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Hays Free Press
Kyle, Texas
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November 3, 2010     Hays Free Press
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November 3, 2010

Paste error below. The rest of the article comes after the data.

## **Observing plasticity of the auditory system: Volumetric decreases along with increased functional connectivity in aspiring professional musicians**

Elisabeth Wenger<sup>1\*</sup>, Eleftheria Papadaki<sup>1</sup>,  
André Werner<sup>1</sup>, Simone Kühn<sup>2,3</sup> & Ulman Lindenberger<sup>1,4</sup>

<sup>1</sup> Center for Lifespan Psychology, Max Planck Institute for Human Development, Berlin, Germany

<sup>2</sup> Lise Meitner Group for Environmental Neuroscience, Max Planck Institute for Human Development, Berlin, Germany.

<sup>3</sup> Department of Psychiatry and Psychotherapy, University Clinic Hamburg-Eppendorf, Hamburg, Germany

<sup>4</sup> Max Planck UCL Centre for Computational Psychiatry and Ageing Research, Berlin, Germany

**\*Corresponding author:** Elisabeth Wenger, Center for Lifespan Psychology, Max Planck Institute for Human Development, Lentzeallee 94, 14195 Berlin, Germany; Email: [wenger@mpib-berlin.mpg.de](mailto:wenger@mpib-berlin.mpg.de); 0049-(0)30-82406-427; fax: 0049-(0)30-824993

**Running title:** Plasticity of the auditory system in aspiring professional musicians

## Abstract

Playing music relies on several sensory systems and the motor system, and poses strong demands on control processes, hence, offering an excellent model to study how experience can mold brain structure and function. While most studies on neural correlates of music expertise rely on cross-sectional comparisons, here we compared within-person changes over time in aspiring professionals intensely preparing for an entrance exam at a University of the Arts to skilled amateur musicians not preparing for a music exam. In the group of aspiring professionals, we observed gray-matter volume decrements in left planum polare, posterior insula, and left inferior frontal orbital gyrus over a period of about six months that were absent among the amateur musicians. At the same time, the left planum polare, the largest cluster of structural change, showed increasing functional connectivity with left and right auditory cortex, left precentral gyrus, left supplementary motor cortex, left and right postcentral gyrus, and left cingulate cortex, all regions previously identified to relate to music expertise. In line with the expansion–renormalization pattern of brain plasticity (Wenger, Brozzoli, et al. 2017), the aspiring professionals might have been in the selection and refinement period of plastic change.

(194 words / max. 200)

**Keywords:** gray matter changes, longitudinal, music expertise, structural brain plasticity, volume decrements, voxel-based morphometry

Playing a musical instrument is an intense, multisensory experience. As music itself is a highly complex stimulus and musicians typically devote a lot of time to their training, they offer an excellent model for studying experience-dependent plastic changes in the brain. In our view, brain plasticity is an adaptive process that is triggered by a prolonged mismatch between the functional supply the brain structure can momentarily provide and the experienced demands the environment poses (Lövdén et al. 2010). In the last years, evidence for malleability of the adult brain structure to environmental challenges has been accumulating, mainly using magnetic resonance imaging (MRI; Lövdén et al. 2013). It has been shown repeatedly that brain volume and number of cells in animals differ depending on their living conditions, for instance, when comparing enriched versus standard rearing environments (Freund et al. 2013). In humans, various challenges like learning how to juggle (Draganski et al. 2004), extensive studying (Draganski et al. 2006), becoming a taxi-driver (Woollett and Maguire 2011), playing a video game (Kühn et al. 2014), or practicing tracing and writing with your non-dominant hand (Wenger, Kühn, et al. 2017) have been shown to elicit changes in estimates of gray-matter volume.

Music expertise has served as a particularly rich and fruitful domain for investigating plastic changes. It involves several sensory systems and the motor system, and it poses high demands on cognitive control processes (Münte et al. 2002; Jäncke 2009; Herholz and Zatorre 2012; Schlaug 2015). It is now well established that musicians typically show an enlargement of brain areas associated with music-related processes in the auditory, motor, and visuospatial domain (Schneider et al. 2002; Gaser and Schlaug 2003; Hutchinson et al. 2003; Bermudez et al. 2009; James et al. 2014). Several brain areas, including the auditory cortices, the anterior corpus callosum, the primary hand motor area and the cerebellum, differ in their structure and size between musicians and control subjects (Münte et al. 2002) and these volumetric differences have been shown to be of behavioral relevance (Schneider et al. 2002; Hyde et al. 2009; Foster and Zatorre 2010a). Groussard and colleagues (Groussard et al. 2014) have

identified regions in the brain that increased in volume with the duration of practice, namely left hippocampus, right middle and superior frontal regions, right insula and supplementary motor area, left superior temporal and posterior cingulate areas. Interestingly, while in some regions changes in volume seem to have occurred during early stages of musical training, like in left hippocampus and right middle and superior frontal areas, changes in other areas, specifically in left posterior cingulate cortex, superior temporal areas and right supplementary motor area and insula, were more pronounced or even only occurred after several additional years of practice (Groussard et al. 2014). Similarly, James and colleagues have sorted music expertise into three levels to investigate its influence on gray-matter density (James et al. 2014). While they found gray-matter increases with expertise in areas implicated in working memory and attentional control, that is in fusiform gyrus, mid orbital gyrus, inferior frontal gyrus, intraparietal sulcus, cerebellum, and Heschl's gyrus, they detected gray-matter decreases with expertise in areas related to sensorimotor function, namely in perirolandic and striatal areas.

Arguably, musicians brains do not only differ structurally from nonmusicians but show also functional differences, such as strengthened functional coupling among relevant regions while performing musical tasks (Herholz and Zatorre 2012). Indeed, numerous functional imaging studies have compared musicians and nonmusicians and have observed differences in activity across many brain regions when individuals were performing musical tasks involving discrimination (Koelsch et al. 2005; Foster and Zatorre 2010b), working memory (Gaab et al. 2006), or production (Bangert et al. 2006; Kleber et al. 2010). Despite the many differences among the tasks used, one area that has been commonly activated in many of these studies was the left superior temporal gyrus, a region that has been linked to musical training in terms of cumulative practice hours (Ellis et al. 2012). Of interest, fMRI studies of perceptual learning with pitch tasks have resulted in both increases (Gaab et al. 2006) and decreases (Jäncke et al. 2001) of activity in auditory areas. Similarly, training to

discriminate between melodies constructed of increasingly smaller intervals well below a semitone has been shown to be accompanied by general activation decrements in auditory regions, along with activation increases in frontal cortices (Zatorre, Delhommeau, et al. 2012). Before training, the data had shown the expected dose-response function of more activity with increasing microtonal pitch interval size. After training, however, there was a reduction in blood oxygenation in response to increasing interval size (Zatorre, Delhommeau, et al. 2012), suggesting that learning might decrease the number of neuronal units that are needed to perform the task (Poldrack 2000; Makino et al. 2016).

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HaysFreePress.com CLASSIFIEDS PUBLIC NOTICES SERVICE DIRECTORY November 3, 2010 Page 1D Before it burned last month, Club 21 looked the part of a rural dive but was iconic to surrouding communities, owing largely tO,tit !17 year hi~ as a gathering spot for farmboys and cow pokes. PHOTOS BY JEll BIUNDO ,'r" EDITOR'S NOTE: A landmark of the community for 117 years, Club 21 burned to the ground early Oct. 24 after being struck by a vehicle. The Texas Department of Public Safety is still looking for the driver, who apparently fled the scene after the collision. We thought we'd take a stroll down memory lane with this recycled story from 2007 when len Biundo profiled the venerable dancehaU and the people behind it. BY JENNIFER BIUNDO jen@haysfreepress.com s the new managers of Club 1, the Cowan family isn't lanning on making many changes. After all, when a business has been running smoothly since 1893, why fix what ain't broke? lust two families have owned the legendary honky tonk dance hail in downtown Uhland, where countless pairs of boots have spent more than a century two-stepping the dance floor smooth to country music tunes. This month, owners Barbara and William Ilse began leasing out Club 21 to Mike and Pat Cowan and their son Jason The Cowans might represent new management, but they're hardly new faces at Club 21 and they plan on keeping things the way they like it - unchanged. "We've been com- ing out here since about '67;' Mike Cowen said. "For the most part it's going to stay the same. We'll add a few more bands." As he spoke, the power flickered in the bar, and the lights dimmed for a moment before humming back to life. "Hey, Mike, that new fluorescent sign you hooked up ain't no good," a customer at the end of the bar yelled good-naturedly. Though the famed Gruene they moved the dumed thing from Hays County to over here so they could have their beer." William Ilse's mother, Martha Ilse, and her brother, Carl He- mann, purchased Club 21 from the previous owner Ben Garbrath in 1964. His father, August Gar- broth, constructed the front bar in 1893 and added the dance hall in 1912, The big wooden dance floor served double duty as a basketball court for the local school's Uhland Kangaroos. Evidently the Prohibition era didn't hurt the bar too badly. Old bar regulars told Ilse that when alcohol was outlawed throughout the nation, train cars full of Silver Fox beer would come into Kyle by freight train and be trucked into Uhiand. "They said it wasn't too damn good but it was the only thing we could get," Ilse said. "a family dance hall... where ladies are ladies.., and the menfolk better be gentlemen." -from a 1960s Club 21 advertisement Martha Isle ran Club 21 as "a family dance hall...where ladies are ladies... and the men folk better be gentlemen," as a 1960s Club 21 advertisement pro- claimed. Ilse helped his mother with the bar, and took over management in 1989. Through the years, they've hosted acts like Deryl Dodd, David Ball, Bob Wills and His Texas Play- boys, and a young Kevin Fowler, whom llse recalls showing up to the gig in a beat-up Winnebago. Like every club Dance Hall was constructed a few owner, they've also made their years earlier, W'flliam Ilse notes booking mistakes. that it was shut down for several "The Dixie Chicks wanted to years, making Club 21 the oldest play here," Ilse recalled. "I said continuously operating dance hall there is no way that three wine- in Texas. headed old girls from Ft. Worth Until about fiveyears ago, the dance hall also hada bowling alley where locals would gather five nights a week, and Uhland youngsters would earn a few coins setting up pins. "The bowling alley was out in the country, but they couldn't drink beer because the county was dry" Use said. "So the Germans, are ever gonna make it. That was one of my stupid moves. And once, my mother turned down George Strait and told him we didn't have any openings. I said 'Mama, who was that who called," and she said, 'I don't know, George-somebody with Ace in the Hole.'" In this tiny Hays County town where the population doesn't yet From left to right, Mike and Pat Cowan, W am Ilse and Jason Cowan pose for a shot behind the Club 21 bar. The long wooden bar was older than any dance hall patrons can remember, possibly d=tting back to the original 1890s construction. reach 500, Club 21 serves as an entertainment venue, but also as a community gathering space where young and old convene to have a few cold ones and catch up on local news. "Unless they're stopping for directions, I know every person coming through the doors on a weekday," Barbara Use said. "But every Saturday night there's some different people coming in finding out about the place." As Hays County grows and Austinites flock to new subdivi- sions east of Kyle and San Marcos, the bar is picking up some steam as well. "It's gotten a lot busier," Wdliam llse said. "There's a lot of different people coming in now. Years ago you had all the same people corn- hag in. All the farmers, they'd come in after five and sit here and drink four or five beers. Your people that were retired, they'd come in here a little earlier." Ilse recalled two retired San Marcos firemen, Flop Schmidt and Nolan W]sian, who were some of Club 2 l's most dedicated regulars. "Nolan, when he'd get a little beer in him, he'd say 'Let's have just one more,' and he'd be like that all night," Ilse said. "They came up in the Depression, in hard times. They were just old country boys and great people. It's just something you don't see anymore, people like that who are so down to earth. I really miss 'em." Ilse paused and added, "A lot of the old timers have passed away and gone. I think now we're becoming the old timers. I hate to even think about that. Yeah, this is anoldplace." Though Club 21 gave off a rural vibe, there were limits to how far patrons could go.